Warm early morning or evening sunlight, for example, can be made too cold.

When shooting outdoors better results can be achieved in many cases by switching to the Daylight or Sunny setting.

It can even produce better results than the Auto setting in shady or overcast conditions.

SEE MORE: Find out how Canon’s Project1709 platform can simplify your photo management workflow

Most cameras also have Shade or Cloudy white balance options that inject a bit more warmth into images.

In some situations this colour-shift can be excessive, but it’s worth experimenting with your camera to find out how each white balance setting performs in a range of conditions.

For the ultimate in control, use the Custom or Manual white balance option and set the value manually.

Your camera’s manual will explain exactly how to do this, but fundamentally it involves photographing a white or neutral grey target (a piece of card works well) in the same light as your subject and telling your camera to use this image to set the white balance.

If you photograph the white or grey card again after the manual white balance has been set in camera, you should see it rendered neutral.

If you wish, you can use your camera’s white balance adjustment controls to warm or cool the results – or experiment with a non-neutral calibration target. READ MORE HERE

The 6 best Photoshop layers any photographer can use

Photoshop has many types of layers and adjustment layers available, but there are six that you’ll find you need to use again and again.


The 6 best Photoshop layers any photographer can use

Learning how Photoshop layers should be used may seem a little daunting for beginners, but once you’ve got to grips with them, you’ll find they play a part in the creative process of almost every image you make. Find out what they are here on Digital Camera World

What camera should I buy?

I get asked this a couple of times a week. Sometimes it comes with the proviso, I want to have a career in photography but that opens another can of worms. Buying a camera, the right camera is important because if you get it wrong you may never enjoy the experience of taking pictures and so end up just using your phone, heaven help you! Anyway this really useful article on Digital Camera World looks at the four main types of cameras and in a simple way makes observations that seem appropriate to me. If you are thinking of buying a camera then read this first. It won’t tell which model to buy but it will help you to buy the right type for you, which is a good start point. Should you buy a dslr, maybe a bridge or compact or even the kid on the block a CSC (compact system camera) [who thinks up these names?]

 “What camera should I buy?” Truth is, it can be tricky to decide what camera to buy because we like to shoot different subjects which have different needs. In this jargon-free buyer’s guide our head of testing Angela Nicholson has some advice that will put you on the right track.

_DSC6932.NEFRead the full article in Digital Camera World here


Best monitor for photo editing: 4 top models tested and rated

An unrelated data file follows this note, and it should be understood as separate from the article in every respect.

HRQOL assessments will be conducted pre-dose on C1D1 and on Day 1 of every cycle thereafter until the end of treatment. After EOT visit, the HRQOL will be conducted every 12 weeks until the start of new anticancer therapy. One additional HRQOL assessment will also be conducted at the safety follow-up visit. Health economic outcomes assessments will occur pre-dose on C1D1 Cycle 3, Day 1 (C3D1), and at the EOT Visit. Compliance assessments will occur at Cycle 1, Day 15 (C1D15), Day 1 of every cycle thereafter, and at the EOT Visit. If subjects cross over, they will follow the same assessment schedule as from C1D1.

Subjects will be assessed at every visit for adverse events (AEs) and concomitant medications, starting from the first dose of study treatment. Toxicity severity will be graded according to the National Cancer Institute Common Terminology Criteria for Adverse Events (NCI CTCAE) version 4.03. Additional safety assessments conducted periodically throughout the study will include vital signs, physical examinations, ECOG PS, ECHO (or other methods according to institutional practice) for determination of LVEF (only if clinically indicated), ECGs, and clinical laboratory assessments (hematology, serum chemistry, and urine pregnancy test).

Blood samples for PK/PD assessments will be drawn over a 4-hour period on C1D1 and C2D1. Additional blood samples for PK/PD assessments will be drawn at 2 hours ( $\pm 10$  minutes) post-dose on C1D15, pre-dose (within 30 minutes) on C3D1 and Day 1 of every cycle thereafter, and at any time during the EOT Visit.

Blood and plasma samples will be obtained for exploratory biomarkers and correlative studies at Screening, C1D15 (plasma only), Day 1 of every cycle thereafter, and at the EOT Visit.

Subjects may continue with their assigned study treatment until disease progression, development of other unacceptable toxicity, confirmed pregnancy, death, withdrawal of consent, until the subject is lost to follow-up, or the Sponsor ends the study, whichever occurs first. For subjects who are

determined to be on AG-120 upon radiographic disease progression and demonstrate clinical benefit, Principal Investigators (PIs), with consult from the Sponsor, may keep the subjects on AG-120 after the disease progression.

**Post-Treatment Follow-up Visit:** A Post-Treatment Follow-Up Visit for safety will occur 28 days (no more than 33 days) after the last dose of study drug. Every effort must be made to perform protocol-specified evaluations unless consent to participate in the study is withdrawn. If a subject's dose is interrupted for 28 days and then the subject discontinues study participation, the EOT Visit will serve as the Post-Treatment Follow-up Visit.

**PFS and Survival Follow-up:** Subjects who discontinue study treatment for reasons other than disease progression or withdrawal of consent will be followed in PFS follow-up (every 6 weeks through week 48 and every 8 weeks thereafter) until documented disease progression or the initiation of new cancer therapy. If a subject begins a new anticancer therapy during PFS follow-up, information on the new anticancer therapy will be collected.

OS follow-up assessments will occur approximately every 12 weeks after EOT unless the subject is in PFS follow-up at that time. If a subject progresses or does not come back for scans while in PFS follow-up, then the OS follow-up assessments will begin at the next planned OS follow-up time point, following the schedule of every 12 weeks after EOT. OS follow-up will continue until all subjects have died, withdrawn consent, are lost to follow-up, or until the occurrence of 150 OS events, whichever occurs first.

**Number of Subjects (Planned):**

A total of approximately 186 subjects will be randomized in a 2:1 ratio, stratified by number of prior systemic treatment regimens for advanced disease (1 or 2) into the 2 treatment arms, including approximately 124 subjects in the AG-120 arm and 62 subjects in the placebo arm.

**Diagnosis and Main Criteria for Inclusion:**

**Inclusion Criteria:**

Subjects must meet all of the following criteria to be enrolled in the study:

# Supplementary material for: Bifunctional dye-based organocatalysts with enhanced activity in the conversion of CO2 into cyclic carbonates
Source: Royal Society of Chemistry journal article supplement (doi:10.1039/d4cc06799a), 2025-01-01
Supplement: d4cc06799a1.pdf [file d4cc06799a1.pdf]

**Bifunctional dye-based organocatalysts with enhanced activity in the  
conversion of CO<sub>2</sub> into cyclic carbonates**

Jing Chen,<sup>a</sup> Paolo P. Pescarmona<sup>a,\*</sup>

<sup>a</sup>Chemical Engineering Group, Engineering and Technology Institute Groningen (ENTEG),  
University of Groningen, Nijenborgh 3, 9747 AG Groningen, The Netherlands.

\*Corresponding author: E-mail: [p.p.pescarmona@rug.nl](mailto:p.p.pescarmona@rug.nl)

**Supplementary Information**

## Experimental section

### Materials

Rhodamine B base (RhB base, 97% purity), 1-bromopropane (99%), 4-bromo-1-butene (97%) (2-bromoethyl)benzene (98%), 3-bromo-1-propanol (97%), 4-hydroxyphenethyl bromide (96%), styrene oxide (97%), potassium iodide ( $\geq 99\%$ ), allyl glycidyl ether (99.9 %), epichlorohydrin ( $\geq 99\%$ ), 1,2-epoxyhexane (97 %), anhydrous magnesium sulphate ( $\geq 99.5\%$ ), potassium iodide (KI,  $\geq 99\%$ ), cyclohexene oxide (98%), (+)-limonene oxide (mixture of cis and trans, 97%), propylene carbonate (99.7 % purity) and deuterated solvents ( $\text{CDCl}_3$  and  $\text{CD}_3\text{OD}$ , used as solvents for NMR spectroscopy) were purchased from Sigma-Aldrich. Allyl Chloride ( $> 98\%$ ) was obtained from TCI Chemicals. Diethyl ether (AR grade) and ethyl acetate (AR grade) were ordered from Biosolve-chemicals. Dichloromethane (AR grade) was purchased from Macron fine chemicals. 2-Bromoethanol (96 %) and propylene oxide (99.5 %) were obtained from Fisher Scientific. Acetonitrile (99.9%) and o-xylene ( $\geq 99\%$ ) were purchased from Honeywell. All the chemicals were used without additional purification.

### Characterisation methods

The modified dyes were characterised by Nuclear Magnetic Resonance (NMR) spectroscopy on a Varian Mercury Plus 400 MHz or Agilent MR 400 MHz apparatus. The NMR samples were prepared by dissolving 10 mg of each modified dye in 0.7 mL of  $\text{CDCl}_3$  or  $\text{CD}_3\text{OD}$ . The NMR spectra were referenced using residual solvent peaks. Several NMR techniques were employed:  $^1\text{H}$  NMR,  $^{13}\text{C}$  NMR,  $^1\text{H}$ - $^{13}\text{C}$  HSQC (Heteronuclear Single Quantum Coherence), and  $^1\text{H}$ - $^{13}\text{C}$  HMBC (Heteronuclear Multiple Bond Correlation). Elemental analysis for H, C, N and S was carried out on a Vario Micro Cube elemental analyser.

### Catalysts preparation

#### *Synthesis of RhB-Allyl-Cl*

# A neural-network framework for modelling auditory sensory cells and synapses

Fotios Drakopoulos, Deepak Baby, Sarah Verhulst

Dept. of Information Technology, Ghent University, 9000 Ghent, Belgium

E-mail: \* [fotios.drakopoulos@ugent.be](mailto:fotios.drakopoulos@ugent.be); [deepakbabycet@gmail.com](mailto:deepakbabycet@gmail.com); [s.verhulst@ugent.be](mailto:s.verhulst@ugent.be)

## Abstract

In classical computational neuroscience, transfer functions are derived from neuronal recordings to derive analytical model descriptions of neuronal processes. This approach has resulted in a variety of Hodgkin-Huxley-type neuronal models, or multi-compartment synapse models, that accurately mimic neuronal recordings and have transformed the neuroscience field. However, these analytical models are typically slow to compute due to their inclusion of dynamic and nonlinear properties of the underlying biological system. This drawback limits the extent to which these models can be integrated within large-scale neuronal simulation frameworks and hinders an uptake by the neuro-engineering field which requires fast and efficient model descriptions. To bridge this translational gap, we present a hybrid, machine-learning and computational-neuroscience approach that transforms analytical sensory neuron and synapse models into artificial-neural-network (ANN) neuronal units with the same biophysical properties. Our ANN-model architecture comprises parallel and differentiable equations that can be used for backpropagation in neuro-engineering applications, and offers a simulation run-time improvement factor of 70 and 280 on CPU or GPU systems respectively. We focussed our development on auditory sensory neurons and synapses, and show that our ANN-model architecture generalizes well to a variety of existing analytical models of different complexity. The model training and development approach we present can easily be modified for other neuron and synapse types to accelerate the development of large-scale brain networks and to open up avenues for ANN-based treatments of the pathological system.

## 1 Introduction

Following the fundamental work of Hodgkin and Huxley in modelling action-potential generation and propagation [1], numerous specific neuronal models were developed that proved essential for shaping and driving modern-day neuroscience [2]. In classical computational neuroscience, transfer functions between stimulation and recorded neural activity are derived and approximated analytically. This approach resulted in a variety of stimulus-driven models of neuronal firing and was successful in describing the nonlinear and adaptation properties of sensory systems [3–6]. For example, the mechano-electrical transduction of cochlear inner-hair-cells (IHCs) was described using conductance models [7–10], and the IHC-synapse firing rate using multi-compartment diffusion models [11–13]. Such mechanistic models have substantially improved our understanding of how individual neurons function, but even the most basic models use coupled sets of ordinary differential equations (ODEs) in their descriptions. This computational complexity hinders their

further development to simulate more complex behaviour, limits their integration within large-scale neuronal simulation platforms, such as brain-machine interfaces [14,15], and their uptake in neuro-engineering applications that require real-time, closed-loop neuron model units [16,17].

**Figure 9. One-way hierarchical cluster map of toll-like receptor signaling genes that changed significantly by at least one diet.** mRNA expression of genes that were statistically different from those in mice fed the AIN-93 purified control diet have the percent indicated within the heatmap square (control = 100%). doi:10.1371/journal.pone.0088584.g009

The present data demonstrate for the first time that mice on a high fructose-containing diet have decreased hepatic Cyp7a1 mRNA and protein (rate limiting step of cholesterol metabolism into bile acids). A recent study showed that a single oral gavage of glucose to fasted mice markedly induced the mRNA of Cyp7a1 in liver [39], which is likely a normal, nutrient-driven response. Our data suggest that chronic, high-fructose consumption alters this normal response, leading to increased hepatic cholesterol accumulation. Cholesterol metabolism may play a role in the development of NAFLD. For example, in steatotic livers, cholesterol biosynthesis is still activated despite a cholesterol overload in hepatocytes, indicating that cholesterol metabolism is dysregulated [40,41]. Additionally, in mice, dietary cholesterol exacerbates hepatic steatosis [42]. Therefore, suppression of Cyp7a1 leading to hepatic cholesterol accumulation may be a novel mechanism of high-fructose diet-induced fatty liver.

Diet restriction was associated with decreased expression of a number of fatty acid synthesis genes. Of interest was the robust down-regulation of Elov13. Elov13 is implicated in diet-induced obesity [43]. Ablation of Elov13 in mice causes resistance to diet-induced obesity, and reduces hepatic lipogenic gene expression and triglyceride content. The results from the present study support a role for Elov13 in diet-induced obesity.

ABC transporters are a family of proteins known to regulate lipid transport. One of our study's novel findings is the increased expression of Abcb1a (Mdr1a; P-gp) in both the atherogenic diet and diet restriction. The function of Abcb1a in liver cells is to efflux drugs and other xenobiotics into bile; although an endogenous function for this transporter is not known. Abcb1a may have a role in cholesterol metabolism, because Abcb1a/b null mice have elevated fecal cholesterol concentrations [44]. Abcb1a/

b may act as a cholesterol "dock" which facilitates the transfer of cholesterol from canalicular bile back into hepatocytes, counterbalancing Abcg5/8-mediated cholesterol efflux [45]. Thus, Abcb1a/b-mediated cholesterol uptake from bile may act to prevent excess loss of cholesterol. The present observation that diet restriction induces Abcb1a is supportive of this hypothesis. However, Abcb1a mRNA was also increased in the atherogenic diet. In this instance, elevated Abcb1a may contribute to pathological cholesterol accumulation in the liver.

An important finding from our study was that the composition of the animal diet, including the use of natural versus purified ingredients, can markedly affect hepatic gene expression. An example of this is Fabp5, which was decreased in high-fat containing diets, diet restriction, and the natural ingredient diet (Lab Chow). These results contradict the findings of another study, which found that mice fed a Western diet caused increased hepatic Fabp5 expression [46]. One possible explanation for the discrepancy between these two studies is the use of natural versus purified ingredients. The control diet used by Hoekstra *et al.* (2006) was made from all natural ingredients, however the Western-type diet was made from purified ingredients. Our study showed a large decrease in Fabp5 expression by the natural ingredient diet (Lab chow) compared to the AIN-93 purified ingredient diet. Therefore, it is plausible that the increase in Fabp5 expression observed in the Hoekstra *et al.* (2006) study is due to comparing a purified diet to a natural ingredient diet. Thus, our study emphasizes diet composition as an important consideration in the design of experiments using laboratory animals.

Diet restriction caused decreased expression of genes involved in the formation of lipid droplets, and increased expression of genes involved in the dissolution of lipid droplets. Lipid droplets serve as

In class, any of the classes I teach, eventually the question comes up, why do my prints not look like what I see on screen. Well there are a number of reasons but the first is that professionals use monitors designed for graphic purposes. We don’t use the default that came with the computer we bought, and often the monitor costs as much as the computer. We need to be able to calibrate our monitors so that they look like other professional outfits who use professional monitors, these should be your local high street printer, the digital book publisher you use and the bespoke lab you prefer. We usually recommend looking at Colour Confidence as a start point

What is the best monitor for photo editing? Colour-accurate monitors offer true-to-life reproduction of photographic images, but price and performance varies. Digital Camera World tested four of the top models available to see which monitor is best for photographers.

Best monitor for photo editing: 01 Eizo ColorEdge CG243W

Eizo Monitor

Price: £1,200
Buy it: http://www.eizo.co.uk
This thoughtfully laid-out monitor has a versatile swivelling screen, which makes fitting it into your workspace a doddle, even with the (included) hood in place.

The menus are sensibly laid out, with icons popping up above the buttons so you always know what to press, even in a darkened studio.

The included calibration software enables you to build an ICC profile quickly, and the 1920×1200-pixel display offers high-end reproduction, but this doesn’t come cheap and, at 24 inches, this is the smallest monitor on test.

Pros: A high-end, flexible monitor with rich, consistent colours
Cons: Only 24 inches; functional rather than stylish design; pricey

Score: 88%

See the other recommended at Digital Camera World here

32 things photographers say… and what they really mean

This is a quite funny article in Digital Camera World, showing us all up for insecure things we really are….

Here is a taste for you

When photographers say…
What are you shooting?
They actually mean…
Hello there! This is me, trying to break the ice.

When photographers say…
I work primarily with natural light.
They actually mean…
My flash exposures are awful. Seriously, they’re awful.

When photographers say…
I only carry out minimal post-processing.
They actually mean…
Photoshop confuses the heck out of me. I mean, I can shuffle the Unsharp Mask sliders left and right a bit, but I really have no idea what I’m doing.

When photographers say…
I love the way that you’ve processed your photos.
They actually mean…
I’d love to copy that look – can you tell me how you did it?

See More here